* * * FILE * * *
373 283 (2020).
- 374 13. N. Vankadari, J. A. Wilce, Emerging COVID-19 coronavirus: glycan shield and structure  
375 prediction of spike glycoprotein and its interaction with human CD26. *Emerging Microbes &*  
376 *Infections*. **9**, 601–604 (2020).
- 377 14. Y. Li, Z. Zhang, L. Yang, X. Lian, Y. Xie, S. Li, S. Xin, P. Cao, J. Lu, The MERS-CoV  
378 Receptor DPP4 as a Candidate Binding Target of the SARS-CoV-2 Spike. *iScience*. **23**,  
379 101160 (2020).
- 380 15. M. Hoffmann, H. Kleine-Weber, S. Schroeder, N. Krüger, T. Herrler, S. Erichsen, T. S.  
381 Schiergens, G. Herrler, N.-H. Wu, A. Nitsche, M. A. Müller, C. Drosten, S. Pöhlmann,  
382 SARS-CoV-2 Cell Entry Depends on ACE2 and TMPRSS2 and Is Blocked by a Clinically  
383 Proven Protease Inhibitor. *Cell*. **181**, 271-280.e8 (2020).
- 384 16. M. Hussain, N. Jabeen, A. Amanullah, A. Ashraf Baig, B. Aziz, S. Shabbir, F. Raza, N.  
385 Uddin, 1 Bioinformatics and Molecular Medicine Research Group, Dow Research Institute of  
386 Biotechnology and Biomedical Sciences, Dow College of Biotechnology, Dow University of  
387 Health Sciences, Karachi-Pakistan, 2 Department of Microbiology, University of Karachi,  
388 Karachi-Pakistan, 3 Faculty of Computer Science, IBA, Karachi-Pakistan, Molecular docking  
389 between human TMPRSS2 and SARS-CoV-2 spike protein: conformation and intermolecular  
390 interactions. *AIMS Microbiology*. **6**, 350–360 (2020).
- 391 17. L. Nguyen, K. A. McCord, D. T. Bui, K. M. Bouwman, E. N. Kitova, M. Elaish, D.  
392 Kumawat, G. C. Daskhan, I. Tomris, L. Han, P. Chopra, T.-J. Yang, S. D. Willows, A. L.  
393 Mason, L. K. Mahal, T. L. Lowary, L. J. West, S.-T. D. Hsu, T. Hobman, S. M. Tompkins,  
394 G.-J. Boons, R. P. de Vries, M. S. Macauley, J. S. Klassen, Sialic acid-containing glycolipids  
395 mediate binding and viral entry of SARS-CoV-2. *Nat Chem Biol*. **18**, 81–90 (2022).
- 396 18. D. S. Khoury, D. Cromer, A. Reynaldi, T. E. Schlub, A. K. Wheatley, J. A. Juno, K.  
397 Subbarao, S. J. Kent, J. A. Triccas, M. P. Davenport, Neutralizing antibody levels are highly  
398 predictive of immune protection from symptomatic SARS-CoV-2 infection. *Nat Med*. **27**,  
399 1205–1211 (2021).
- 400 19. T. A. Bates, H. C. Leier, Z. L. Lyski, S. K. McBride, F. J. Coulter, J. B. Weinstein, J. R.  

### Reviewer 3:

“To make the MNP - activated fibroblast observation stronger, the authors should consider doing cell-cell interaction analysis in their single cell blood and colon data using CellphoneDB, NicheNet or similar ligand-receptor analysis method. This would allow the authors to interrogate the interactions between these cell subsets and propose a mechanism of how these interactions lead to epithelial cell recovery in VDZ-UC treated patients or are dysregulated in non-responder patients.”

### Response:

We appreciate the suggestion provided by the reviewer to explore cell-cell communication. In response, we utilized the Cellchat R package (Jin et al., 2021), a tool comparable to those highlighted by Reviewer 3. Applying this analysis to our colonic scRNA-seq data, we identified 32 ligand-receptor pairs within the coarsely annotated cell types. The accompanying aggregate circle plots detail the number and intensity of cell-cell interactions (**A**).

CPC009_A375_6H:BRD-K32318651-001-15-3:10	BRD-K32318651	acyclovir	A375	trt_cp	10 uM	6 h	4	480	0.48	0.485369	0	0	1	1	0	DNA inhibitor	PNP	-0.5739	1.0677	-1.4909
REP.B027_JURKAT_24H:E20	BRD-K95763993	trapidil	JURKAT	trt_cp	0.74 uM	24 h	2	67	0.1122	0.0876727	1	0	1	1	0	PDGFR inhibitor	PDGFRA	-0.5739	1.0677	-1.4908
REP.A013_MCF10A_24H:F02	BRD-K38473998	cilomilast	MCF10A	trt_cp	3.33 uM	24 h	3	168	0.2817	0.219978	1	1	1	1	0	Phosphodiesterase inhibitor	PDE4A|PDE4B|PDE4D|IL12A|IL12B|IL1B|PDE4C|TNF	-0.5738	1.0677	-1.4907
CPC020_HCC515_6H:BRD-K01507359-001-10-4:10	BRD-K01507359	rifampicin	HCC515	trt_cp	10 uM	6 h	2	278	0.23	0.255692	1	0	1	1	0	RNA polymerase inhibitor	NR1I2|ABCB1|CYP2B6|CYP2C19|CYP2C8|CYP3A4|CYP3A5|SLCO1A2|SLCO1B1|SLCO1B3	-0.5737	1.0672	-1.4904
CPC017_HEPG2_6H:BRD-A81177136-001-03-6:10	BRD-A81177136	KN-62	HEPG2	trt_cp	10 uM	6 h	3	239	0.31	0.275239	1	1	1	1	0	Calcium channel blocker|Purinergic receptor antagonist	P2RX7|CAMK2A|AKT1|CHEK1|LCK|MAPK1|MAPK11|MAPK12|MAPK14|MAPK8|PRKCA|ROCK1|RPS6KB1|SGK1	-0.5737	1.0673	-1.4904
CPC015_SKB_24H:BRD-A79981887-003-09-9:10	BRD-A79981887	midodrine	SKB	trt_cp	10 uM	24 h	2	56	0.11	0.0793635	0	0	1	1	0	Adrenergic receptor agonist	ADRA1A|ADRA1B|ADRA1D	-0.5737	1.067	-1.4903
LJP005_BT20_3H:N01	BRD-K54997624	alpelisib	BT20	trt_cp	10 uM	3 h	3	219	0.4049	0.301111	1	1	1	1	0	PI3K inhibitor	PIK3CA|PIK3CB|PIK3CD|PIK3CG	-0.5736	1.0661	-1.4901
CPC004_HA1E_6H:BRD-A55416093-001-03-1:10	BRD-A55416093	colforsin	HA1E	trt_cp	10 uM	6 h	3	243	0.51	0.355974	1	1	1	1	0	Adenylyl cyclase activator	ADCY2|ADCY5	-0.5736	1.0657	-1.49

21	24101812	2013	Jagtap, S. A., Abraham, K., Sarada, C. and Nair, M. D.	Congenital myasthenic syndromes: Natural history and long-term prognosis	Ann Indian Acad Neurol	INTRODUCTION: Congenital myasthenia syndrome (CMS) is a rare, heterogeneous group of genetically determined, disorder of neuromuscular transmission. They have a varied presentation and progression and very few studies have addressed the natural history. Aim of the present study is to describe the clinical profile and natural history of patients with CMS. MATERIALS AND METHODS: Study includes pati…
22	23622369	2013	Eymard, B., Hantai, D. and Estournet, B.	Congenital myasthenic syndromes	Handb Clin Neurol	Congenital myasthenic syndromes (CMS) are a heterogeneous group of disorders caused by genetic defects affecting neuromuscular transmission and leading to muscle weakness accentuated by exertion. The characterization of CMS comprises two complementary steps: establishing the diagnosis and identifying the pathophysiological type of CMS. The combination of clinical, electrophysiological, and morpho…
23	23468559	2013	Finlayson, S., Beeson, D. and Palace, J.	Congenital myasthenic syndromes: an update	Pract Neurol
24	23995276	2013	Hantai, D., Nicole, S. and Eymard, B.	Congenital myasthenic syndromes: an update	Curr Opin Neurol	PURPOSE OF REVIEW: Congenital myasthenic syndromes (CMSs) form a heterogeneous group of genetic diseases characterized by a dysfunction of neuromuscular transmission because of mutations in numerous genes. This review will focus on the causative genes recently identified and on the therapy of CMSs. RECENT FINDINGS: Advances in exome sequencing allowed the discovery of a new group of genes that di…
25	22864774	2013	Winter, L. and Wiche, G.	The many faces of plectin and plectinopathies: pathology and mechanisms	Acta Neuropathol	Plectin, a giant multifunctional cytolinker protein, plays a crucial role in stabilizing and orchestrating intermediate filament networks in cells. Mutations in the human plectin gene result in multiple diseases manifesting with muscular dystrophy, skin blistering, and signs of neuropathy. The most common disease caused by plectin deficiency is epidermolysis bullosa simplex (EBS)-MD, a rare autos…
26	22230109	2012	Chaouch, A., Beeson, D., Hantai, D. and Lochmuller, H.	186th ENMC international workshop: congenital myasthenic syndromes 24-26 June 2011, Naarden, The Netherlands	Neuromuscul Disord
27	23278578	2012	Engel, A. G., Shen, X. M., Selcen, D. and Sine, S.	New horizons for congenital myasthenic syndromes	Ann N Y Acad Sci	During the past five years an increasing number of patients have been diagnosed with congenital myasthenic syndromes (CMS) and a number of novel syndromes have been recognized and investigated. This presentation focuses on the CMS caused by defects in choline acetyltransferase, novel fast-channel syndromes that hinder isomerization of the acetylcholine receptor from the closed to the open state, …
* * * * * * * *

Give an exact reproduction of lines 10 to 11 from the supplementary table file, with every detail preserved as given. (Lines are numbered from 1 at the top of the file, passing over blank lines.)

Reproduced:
382 SARS-CoV-2 Cell Entry Depends on ACE2 and TMPRSS2 and Is Blocked by a Clinically  
383 Proven Protease Inhibitor. *Cell*. **181**, 271-280.e8 (2020).